The book opens with a short personal history from the author in which he tells us about how miserable his life was until the age of 30 when he magically had some kind of breakdown, blacked out, and when he woke up he was in a state of pure joy which prompted him to spend several years doing nothing except sit on park benches being happy. For the first 163 pages Tolle, in a most repetitive fashion, explains how the key to happiness is to be. That is, to become aware that there is no past or future, only the now, as he calls it. He says that we as humans cause ourselves pain by not living in the now, and instead constantly thinking about the past or the future. If this sounds too esoteric, you can blame Tolle for over-complicating something that is really very simple: You cannot be happy if you are dwelling on the past, nor can you be happy if you place all your hopes in the future, which hasn’t happened yet and exists only in your imagination. You must learn to enjoy and live only for the present moment, because that is all that every really exists. Up until this point, despite Tolle’s meandering and repetition, and sometimes ‘liberal’ interpretation of various religious texts, I was really enjoying the book. I truly was finding it insightful and inspiring.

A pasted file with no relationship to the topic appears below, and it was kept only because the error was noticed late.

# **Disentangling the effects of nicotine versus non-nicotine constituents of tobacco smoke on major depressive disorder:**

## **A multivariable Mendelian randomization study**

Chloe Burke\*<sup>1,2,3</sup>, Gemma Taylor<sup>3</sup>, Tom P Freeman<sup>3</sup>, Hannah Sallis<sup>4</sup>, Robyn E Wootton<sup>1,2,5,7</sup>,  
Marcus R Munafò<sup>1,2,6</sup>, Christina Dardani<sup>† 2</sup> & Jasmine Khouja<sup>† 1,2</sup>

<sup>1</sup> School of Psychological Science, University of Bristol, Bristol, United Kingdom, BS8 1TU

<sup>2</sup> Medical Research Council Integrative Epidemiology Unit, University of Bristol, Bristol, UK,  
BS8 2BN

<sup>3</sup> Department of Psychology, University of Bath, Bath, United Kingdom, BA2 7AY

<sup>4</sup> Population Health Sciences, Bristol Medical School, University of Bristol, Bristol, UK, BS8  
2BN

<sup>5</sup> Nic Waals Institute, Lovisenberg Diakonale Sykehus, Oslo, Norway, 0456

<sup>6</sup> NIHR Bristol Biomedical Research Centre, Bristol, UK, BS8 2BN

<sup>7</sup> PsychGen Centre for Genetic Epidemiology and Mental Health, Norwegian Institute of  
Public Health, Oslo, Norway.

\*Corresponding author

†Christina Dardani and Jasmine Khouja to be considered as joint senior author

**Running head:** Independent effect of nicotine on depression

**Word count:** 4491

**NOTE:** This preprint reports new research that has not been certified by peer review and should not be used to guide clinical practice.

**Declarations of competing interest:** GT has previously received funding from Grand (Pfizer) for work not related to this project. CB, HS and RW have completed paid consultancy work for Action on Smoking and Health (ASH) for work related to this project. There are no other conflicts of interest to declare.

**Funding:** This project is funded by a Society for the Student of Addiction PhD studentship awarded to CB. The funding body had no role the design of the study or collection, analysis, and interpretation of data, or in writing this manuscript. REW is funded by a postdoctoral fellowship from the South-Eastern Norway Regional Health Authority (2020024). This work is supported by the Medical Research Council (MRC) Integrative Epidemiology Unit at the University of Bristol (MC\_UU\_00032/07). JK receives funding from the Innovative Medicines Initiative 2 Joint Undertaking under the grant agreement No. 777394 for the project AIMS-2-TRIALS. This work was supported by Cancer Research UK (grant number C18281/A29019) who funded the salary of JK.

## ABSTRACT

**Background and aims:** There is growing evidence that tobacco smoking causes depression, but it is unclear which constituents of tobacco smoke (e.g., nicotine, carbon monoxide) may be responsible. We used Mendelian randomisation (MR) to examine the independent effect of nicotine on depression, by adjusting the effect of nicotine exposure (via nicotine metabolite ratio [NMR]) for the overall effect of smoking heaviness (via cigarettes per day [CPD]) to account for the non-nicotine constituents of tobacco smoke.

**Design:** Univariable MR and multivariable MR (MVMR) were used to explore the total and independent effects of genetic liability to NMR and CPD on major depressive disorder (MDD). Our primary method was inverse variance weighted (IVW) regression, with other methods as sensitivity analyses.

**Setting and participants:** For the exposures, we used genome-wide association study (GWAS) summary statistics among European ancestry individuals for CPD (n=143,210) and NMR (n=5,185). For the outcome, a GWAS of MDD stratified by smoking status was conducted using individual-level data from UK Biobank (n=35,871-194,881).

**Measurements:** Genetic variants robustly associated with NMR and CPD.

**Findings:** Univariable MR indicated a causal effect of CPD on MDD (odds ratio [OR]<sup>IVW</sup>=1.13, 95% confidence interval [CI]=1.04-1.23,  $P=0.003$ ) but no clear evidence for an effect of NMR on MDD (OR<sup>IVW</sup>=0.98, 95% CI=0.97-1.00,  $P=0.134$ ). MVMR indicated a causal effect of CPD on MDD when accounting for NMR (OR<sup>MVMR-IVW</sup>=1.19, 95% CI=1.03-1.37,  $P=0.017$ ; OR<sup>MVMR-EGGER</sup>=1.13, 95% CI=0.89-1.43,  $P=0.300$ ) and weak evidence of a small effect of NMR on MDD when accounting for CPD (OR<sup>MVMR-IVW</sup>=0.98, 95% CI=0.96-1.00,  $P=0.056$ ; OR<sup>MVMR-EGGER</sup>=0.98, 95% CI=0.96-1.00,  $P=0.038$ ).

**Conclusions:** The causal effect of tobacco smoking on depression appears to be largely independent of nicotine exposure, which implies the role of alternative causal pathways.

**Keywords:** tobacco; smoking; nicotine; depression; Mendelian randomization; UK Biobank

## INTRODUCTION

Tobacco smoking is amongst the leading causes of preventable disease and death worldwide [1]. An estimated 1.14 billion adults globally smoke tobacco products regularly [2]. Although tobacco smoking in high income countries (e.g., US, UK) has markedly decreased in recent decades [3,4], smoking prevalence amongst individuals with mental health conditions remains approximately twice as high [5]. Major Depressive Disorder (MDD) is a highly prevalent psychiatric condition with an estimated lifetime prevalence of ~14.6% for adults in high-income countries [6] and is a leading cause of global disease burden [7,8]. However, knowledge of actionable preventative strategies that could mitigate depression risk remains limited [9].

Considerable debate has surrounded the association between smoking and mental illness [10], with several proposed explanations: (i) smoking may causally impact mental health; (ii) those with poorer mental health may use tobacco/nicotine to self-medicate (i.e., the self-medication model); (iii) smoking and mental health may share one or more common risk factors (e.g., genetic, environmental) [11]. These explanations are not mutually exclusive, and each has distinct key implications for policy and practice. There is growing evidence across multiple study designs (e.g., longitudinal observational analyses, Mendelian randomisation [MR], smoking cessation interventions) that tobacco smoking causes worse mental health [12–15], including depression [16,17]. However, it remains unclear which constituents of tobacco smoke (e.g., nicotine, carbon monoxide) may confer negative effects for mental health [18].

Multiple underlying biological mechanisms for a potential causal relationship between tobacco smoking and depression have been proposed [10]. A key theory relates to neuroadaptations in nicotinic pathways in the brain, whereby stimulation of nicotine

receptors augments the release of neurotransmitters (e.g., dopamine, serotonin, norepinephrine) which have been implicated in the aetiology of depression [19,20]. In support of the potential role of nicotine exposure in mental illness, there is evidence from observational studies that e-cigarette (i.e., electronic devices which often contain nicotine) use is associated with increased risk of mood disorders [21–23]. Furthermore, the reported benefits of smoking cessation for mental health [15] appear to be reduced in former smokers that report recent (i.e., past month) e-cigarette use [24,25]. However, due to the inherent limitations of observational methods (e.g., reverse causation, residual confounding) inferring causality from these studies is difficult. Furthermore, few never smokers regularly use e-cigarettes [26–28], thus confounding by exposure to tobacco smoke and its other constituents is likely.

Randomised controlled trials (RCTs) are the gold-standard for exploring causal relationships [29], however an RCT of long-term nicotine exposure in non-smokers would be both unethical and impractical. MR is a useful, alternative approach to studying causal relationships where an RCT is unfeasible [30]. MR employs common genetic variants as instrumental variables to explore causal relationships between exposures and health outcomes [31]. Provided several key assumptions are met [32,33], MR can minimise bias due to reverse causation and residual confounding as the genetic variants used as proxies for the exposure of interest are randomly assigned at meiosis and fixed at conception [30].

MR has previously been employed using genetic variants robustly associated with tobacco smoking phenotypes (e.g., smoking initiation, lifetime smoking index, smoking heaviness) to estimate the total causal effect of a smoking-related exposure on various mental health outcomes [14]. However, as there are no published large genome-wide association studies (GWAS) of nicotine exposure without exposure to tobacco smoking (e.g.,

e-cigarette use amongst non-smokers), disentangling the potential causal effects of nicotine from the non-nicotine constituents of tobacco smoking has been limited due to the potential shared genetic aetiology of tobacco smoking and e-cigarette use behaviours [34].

That all changed on page 164 with a section that details why women are closer to enlightenment that men. As a man, I was naturally a bit put off by this sweeping and seemingly unfounded statement. Tolle justifies this with some claims relating to the Chinese Tao. The Tao it seems is described as being the mother of the universe. Tolle says that “Tao” can be translated as “being” therefore women naturally embody “being” which Tolle uses a synonym for God, or the Universe or, well, take your pick.